Counterintuitive Ways to Improve Test Scores

I teach a course that ends with a big standardized exam at the end. The first few years I taught it, I used to do test prep by the book. I gave my students a sample exam each quarter. They had 42 minutes to complete 40 of the 55 multiple-choice questions and I counted the results as a test grade. As a class, we would review the questions the following day, sometimes in small-group breakdowns, sometimes as whole-class instruction. The two weeks before the exam we were in full-on, test-prep mode, drilling and killing. I thought I was preparing them for the rigors of the exam. I thought I was exposing them to college-level work. I thought this was a sound instructional practice.

But my scores did not budge.

The logical conclusion was that my students needed more preparation to do better, not less. So that is what I did it. I gave them review packets with question stems and vocabulary words. I printed out Sparknotes summaries of the novels that we read, but that did not help either.

Then, I started making small tweaks to my testing philosophy even though it seemed counterintuitive. my scores rose. I made a few more tweaks and they soared.

In a three-year span I increased my students’ scores by 30%.

Here are the Four Counterintuitive Ways I Improved My Test Scores

1. To Prepare Students for the Test I Forget About the Test

Instead of testing my students with quarterly practice exams, I did not show them a single question until March. Exposing them early often crushed their confidence because they did not have the skills to succeed on such a demanding exam.

Now, I build skills from September to February, putting them in a position to be successful when they see their first sample question in March. They now arrive from a position of strength rather than one of weakness.

2. I Took Away All the Stress

Each quarter ended with a big practice exam right before grades were calculated and reports cards were sent home. Talk about anxiety-inducing fear. So many of my students are grade conscious, and to have a big exam at the end of the quarter, one that tested if they were capable of doing college-level work as high-school students, created tension, fear, and disappointment.

Now I do Multiple-Choice Mondays in March. My students take 10 practice questions each Monday that don’t count for a grade. It is just practice, but practice with a purpose. I use Socrative to record the results, and I use those results as a measurement that informs my instruction. It is a win-win because they don’t have to sweat it and there are no tears, and I get the data I need to inform my instruction that week.

3. Everything Was Implied

I once thought that the best way to prepare students for the test was to directly instruct it. That is why we would review the questions, but instead of exposing my students to many of my students to new learning, many expressed that these review sessions felt like it exposed their failures.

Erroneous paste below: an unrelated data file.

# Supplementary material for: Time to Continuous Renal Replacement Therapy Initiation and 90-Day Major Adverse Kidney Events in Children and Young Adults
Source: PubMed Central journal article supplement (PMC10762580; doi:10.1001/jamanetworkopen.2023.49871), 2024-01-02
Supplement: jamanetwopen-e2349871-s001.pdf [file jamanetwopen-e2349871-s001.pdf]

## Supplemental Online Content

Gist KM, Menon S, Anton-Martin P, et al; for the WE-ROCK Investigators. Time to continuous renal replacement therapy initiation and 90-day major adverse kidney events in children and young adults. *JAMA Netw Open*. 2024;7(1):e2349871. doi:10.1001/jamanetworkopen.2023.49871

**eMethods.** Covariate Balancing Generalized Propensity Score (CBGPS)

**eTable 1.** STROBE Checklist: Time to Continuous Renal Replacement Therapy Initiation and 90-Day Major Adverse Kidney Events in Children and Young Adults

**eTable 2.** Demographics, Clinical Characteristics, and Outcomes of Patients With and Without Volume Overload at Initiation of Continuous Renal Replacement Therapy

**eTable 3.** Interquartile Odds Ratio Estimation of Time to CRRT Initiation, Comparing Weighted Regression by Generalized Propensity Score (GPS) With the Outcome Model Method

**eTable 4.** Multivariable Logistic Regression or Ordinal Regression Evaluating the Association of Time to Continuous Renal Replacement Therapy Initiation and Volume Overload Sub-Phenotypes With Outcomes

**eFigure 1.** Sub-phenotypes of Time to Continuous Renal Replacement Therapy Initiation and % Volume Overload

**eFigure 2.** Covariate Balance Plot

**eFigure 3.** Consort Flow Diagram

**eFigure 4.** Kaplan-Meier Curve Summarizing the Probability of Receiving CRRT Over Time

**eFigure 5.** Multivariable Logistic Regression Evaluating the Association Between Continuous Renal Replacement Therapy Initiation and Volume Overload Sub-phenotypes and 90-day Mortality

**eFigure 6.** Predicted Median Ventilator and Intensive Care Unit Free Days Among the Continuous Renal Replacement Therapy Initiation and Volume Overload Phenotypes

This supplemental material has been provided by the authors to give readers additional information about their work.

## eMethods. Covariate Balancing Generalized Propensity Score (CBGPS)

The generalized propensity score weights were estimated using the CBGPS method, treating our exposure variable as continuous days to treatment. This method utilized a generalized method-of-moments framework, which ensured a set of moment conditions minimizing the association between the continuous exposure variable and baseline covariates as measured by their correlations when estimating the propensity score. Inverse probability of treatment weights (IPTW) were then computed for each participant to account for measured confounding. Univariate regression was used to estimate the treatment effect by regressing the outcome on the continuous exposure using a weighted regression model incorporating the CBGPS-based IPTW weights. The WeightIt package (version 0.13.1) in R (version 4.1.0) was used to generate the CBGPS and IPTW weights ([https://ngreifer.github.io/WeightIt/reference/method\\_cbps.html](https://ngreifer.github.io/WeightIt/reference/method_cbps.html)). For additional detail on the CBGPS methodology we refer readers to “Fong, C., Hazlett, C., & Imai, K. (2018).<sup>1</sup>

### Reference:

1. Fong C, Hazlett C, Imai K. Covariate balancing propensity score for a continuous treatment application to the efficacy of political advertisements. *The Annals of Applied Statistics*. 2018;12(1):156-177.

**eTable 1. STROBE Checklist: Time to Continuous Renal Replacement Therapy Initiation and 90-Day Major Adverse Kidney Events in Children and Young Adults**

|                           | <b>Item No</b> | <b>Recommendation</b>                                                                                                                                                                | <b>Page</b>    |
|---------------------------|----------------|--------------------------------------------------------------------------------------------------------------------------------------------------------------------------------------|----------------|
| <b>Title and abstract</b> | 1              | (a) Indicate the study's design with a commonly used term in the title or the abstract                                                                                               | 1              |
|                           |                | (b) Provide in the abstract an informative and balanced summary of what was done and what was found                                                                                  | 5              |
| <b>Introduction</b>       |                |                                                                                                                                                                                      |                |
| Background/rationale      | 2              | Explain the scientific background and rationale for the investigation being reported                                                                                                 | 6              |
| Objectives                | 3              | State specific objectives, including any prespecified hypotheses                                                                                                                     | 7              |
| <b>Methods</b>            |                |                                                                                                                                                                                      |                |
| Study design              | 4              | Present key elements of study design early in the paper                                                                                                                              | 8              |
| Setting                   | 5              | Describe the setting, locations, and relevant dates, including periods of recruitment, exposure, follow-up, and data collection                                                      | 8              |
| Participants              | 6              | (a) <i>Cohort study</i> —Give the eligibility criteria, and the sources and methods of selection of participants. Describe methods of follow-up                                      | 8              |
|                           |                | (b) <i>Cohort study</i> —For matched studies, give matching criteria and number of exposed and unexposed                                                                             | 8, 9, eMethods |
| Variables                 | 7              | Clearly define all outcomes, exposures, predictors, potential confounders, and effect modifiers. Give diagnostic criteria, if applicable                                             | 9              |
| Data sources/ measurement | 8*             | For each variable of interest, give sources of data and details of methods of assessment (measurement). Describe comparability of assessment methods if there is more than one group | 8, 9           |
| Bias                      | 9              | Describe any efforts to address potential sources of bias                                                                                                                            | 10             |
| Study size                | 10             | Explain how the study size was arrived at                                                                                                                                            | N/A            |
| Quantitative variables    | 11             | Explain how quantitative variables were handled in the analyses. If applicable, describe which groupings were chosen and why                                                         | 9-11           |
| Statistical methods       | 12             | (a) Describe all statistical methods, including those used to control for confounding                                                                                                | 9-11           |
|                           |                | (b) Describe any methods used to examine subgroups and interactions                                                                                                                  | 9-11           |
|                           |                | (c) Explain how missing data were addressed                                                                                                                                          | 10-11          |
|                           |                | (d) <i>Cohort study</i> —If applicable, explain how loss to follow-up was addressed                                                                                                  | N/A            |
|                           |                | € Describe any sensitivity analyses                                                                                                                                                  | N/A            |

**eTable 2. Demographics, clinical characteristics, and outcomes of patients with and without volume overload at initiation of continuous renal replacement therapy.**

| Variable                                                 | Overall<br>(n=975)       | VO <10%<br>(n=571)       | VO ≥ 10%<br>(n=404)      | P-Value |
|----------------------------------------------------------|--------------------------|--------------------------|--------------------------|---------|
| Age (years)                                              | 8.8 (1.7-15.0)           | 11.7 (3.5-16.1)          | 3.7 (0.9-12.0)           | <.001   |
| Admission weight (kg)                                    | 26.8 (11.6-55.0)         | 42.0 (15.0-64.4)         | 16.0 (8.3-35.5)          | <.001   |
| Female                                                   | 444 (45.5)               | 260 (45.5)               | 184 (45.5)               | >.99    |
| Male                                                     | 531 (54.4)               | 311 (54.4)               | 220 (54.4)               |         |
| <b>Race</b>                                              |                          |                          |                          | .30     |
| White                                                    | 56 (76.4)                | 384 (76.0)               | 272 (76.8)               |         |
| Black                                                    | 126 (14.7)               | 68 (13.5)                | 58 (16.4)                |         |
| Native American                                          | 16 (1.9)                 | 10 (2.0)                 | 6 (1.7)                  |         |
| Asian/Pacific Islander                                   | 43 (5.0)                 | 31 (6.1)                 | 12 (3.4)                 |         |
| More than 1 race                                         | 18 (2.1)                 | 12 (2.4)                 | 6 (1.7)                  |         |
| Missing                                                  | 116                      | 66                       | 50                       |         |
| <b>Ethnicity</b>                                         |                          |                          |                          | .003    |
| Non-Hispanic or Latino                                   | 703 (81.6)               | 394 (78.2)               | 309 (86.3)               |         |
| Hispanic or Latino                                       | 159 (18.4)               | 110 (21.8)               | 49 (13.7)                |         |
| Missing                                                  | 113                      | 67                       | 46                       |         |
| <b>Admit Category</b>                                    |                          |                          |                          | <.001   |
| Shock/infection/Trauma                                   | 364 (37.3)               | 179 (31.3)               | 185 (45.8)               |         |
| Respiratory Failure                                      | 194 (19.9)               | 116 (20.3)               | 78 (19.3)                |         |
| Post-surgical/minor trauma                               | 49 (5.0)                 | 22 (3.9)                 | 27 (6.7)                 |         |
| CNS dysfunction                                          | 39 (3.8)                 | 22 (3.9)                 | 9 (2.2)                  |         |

Now, I employ implied instruction rather than direct instruction. I teach the same skills that appear on the exam, it just happens within the context of my normal teaching units, not a quarterly exam. This resulted from reviewing years of practice exams and identifying the key skills that are tested over and over again and developing ways to embed those skills within my regular instructional practice with the novels and poems that I teach.

4. I Joined In

When I gave quarterly exams or in-class essays I would always grade the period before while my current class was writing or taking the exam.

On an early podcast interview with Chris Lehman, author of Falling in Love with Close Reading: Lessons for Analyzing Texts,  he urged all teachers to write along with their students. Doing so allows a teacher to experience what a student experiences. It is an act of teaching compassion, putting yourself in your students’ shoes and riding along for the struggle to write a thesis, develop topic sentences, and incorporate supporting details.

Now, with every essay I assign and with each Multiple-Choice Monday, I am right their with them writing along and answering close reading questions. It allows me to be more empathetic as a teacher. To a certain extent, I feel what they feel. I experience the frustration of getting a question wrong when the evidence was plainly in sight. I know what it is like to have an idea that needs to be articulated but struggle to find the words to express it. I can also express my thought process to them, modeling the way I work through a question.